DETROIT (WWJ) – A substantial financial gift made by a Clinton Township woman to the Wayne State University School of Medicine will create an endowment to promote research in the prevention and treatment of ovarian cancer.
The $1 million commitment by Cheryl McKee will establish the Dorothy Ann McKee Endowed Fund for Ovarian Cancer Research, Prevention and Treatment at the School of Medicine.
The fund is named for McKee’s sister, known to friends and family as “Doris,” who died in 2005 at the age of 57 after a nine-year battle with ovarian cancer.
“I just know that my parents and Doris are looking down and are happy at what I’m doing,” said McKee, who recently retired after a nearly lifelong career as a home anastrozole 1mg caregiver. “Doris was a wonderful woman and her life brought joy to everyone she touched.”
Doris was McKee’s only sibling. The recent death of her parents resulted in an inheritance that allowed her to dedicate the endowed fund in her sister’s name.
The American Cancer Society (ACS) estimates that 22,280 women will be diagnosed with ovarian cancer this year. About 15,500 women will die from the disease, which ranks as the ninth most common cancer among women, excluding melanoma skin cancers. Ovarian cancer is the fifth leading cause of cancer deaths in American women.
ACS says one in every 71 American women will develop ovarian cancer in her lifetime. That woman’s lifetime chance of dying from the disease is about one in 95. If caught early, the five-year survival rate is 93 percent, but only 15 percent to 20 percent of cases are discovered in the early stage. Once the cancer has spread far beyond the ovaries, the five-year survival rate drops to 27 percent.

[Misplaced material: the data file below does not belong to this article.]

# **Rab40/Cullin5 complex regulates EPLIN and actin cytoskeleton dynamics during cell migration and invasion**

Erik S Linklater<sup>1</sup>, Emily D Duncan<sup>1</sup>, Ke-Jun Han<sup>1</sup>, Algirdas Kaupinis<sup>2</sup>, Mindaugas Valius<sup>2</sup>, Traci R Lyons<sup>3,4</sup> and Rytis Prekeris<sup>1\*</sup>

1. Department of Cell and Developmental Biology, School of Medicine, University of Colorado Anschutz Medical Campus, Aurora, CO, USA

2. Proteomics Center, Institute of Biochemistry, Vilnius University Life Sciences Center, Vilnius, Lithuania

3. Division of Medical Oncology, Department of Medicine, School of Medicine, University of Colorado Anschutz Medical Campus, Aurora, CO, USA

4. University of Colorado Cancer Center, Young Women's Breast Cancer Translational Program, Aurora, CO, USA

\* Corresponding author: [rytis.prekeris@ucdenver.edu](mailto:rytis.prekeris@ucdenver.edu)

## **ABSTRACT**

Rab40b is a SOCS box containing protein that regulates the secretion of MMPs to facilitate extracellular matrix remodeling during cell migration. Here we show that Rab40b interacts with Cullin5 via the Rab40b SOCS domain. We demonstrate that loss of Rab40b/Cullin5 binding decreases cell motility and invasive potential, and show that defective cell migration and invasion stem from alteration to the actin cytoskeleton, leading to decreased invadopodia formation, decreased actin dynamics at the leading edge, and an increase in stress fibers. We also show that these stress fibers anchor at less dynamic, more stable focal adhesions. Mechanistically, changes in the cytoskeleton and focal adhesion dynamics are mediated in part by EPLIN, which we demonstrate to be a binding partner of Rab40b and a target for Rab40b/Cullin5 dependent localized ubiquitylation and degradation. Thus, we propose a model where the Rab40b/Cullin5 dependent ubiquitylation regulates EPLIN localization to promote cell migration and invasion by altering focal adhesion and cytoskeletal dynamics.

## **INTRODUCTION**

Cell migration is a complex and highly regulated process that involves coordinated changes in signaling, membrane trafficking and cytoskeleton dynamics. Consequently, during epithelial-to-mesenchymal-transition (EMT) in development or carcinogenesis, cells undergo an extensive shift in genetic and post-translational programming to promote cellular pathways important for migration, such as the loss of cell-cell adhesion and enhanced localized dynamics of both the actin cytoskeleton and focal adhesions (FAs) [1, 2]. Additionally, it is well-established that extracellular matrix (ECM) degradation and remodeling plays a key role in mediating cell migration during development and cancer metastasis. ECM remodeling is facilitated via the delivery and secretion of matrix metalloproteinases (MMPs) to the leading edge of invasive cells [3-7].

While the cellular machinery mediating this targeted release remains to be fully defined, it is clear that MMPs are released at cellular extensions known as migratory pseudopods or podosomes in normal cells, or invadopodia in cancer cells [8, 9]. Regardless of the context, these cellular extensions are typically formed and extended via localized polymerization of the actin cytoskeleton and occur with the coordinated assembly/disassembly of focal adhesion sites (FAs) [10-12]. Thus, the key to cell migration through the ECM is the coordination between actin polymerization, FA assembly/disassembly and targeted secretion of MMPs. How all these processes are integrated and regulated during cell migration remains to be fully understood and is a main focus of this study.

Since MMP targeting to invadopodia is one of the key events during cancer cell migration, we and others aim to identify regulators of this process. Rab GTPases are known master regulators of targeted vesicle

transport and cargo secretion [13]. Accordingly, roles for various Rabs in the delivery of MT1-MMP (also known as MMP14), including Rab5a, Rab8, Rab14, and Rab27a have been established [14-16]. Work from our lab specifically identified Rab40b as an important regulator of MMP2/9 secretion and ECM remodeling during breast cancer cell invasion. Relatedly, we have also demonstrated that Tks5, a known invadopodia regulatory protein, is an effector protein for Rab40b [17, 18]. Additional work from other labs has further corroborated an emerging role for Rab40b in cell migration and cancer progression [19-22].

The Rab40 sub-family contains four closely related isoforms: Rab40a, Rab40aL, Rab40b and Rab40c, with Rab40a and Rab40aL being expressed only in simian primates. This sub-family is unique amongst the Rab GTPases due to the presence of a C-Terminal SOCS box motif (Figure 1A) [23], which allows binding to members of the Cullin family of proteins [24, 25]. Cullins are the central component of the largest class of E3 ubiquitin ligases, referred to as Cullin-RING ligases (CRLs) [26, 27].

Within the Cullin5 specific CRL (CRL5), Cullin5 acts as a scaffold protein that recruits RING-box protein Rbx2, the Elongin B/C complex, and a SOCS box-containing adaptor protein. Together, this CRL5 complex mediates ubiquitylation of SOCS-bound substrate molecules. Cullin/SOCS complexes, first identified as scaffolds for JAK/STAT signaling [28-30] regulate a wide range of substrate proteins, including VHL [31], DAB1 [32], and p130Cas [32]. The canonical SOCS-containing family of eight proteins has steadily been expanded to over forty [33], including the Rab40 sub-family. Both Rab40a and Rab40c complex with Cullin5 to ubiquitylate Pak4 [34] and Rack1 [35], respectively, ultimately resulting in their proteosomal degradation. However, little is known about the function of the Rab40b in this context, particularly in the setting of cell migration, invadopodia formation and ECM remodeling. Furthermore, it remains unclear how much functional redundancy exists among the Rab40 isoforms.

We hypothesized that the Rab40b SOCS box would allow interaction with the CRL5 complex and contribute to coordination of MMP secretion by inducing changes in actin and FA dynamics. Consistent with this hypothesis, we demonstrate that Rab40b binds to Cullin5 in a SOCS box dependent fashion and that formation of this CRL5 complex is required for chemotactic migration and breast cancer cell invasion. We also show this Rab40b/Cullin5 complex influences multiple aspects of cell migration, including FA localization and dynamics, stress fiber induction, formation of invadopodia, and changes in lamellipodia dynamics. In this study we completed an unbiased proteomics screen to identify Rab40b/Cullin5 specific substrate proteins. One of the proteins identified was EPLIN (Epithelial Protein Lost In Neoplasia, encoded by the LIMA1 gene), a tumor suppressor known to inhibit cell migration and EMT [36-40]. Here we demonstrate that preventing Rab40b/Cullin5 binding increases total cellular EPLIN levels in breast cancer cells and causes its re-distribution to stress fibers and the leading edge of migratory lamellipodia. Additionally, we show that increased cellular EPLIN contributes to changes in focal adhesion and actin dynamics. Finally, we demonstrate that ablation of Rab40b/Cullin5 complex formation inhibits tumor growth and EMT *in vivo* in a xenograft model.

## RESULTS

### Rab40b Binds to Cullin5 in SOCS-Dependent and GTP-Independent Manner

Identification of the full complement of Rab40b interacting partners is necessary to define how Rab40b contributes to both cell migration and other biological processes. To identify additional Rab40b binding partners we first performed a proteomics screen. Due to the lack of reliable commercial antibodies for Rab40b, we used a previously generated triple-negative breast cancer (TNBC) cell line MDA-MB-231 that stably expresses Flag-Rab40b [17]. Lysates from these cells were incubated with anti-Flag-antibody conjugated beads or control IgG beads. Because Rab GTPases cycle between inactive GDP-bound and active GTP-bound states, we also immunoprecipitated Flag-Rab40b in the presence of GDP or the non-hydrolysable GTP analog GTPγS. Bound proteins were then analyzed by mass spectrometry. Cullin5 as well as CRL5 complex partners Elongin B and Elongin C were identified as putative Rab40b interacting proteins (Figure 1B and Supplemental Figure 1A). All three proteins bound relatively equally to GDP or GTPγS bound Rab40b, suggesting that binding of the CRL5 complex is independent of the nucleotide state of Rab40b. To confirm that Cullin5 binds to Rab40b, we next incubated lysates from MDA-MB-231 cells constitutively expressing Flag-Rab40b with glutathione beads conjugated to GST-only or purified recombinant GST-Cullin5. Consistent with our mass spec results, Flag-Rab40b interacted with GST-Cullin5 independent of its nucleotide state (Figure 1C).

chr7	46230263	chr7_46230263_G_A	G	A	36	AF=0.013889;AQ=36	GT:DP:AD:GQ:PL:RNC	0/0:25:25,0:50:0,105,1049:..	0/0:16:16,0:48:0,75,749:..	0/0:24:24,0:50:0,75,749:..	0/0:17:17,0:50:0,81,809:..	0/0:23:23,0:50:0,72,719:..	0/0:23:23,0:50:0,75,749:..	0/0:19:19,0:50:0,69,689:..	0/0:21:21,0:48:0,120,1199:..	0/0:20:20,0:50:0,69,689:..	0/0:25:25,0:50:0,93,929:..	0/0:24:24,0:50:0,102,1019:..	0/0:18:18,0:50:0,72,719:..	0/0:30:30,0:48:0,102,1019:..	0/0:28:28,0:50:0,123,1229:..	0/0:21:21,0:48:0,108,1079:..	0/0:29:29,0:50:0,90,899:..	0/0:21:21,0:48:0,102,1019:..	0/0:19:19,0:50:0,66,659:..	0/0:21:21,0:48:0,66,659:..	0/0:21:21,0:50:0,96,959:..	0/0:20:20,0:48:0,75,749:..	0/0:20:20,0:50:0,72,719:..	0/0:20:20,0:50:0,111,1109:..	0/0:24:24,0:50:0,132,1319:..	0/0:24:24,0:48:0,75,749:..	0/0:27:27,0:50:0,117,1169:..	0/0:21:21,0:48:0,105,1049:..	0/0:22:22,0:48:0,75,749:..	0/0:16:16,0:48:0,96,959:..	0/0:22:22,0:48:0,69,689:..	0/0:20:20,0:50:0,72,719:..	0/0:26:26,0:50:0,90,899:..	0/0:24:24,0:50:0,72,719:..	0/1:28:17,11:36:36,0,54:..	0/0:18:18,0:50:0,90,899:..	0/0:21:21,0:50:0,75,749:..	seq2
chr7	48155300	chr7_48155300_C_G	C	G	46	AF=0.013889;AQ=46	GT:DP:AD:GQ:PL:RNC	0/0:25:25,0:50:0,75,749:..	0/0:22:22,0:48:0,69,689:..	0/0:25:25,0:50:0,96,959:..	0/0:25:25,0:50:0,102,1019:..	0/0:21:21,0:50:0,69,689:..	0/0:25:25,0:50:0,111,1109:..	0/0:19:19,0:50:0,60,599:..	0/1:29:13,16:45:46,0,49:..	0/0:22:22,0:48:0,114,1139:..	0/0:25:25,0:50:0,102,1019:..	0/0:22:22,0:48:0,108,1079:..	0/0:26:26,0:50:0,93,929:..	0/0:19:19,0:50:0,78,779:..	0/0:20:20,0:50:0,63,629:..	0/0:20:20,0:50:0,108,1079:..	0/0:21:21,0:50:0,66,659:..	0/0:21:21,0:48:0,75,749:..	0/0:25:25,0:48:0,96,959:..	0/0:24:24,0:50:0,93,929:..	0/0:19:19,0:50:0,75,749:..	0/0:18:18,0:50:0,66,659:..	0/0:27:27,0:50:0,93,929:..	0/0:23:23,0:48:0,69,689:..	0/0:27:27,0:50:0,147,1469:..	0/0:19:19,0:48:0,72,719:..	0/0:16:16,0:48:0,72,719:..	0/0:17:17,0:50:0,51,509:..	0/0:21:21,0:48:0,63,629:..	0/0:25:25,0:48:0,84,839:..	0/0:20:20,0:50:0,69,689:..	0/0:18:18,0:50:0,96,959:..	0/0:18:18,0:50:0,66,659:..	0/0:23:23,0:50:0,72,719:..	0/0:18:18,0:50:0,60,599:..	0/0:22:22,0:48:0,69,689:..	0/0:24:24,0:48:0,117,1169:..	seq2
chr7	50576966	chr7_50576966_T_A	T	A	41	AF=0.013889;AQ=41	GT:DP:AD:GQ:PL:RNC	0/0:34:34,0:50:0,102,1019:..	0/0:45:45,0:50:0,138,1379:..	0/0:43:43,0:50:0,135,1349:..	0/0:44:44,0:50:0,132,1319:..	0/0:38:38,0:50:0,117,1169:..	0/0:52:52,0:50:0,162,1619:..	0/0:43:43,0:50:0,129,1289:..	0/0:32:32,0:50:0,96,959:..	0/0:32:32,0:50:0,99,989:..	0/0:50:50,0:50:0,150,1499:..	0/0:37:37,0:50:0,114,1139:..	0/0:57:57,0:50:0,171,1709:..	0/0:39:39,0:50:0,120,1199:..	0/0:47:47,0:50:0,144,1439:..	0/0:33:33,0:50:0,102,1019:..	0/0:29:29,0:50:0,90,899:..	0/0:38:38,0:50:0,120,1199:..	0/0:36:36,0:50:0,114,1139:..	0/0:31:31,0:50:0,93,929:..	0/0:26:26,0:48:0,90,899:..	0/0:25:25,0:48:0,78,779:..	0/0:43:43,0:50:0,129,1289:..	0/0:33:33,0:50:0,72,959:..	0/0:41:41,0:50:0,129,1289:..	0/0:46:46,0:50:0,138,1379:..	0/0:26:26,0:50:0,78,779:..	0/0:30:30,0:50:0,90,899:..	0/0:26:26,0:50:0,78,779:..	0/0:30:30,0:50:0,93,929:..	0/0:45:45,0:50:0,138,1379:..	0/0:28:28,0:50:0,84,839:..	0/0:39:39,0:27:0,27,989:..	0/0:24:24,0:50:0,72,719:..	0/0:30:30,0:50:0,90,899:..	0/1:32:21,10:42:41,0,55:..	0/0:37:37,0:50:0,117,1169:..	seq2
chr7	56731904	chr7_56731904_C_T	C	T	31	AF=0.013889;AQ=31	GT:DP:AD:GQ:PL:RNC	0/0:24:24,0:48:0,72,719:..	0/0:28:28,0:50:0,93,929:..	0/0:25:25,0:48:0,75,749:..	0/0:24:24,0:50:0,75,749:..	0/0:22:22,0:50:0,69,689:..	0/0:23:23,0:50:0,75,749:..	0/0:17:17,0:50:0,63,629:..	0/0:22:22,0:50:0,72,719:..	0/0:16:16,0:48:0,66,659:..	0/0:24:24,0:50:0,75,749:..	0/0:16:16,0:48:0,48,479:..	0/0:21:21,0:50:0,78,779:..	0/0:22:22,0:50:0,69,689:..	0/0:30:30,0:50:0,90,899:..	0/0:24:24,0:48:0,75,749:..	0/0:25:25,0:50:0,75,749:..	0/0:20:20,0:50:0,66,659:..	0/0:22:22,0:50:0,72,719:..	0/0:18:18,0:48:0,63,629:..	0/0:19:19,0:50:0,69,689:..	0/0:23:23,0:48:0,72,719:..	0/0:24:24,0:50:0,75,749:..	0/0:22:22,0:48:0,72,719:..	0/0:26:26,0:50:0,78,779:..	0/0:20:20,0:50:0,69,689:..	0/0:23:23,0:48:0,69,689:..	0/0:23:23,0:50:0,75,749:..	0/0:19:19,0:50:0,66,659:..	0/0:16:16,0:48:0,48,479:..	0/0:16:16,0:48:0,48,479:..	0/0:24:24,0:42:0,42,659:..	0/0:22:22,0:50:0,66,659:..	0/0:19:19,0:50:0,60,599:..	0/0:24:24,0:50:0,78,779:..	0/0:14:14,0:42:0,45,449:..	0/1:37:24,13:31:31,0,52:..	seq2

According to the ACS, ovarian cancer is more common in white women. About half of American women diagnosed with the disease are age 60 or older.
The ACS says symptoms that can develop in the early stages of the disease include bloating, pelvic or abdominal pain, trouble eating or feeling full quickly, and urinary symptoms. Unfortunately, by the time ovarian cancer is suspected, it has often spread beyond the ovaries. There is no reliable test available for ovarian cancer.
“That’s why I hope this gift will help researchers develop some type of test that will find the cancer earlier,” McKee said. “We need to have a test that shows women they have the cancer much earlier to improve the odds of surviving.”
“This gift means so much to medical research,” said Valerie M. Parisi, Dean of the WSU School of Medicine. “Cheryl’s commitment in honor of her loving sister will in fact become a precious gift to women all over the world. It is a fitting tribute from a woman who spent most of her life caring for others, and one that will live on in that spirit for many years to come.”